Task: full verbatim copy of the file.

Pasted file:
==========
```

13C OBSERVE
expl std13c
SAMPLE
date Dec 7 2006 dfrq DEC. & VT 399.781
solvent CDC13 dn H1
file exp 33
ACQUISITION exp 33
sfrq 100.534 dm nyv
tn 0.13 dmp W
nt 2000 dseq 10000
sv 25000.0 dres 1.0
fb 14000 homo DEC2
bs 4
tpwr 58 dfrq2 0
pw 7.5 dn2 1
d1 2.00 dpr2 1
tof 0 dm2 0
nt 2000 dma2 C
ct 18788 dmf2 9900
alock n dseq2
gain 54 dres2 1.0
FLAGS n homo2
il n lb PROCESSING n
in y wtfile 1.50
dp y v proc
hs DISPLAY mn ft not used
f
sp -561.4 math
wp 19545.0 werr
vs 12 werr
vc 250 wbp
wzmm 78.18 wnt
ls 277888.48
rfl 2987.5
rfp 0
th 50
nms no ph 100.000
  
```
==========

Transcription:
```

13C OBSERVE
expl std13c
SAMPLE
date Dec 7 2006 dfrq DEC. & VT 399.781
solvent CDC13 dn H1
file exp 33
ACQUISITION exp 33
sfrq 100.534 dm nyv
tn 0.13 dmp W
nt 2000 dseq 10000
sv 25000.0 dres 1.0
fb 14000 homo DEC2
bs 4
tpwr 58 dfrq2 0
pw 7.5 dn2 1
d1 2.00 dpr2 1
tof 0 dm2 0
nt 2000 dma2 C
ct 18788 dmf2 9900
alock n dseq2
gain 54 dres2 1.0
FLAGS n homo2
il n lb PROCESSING n
in y wtfile 1.50
dp y v proc
hs DISPLAY mn ft not used
f
sp -561.4 math
wp 19545.0 werr
vs 12 werr
vc 250 wbp
wzmm 78.18 wnt
ls 277888.48
rfl 2987.5
rfp 0
th 50
nms no ph 100.000
  
```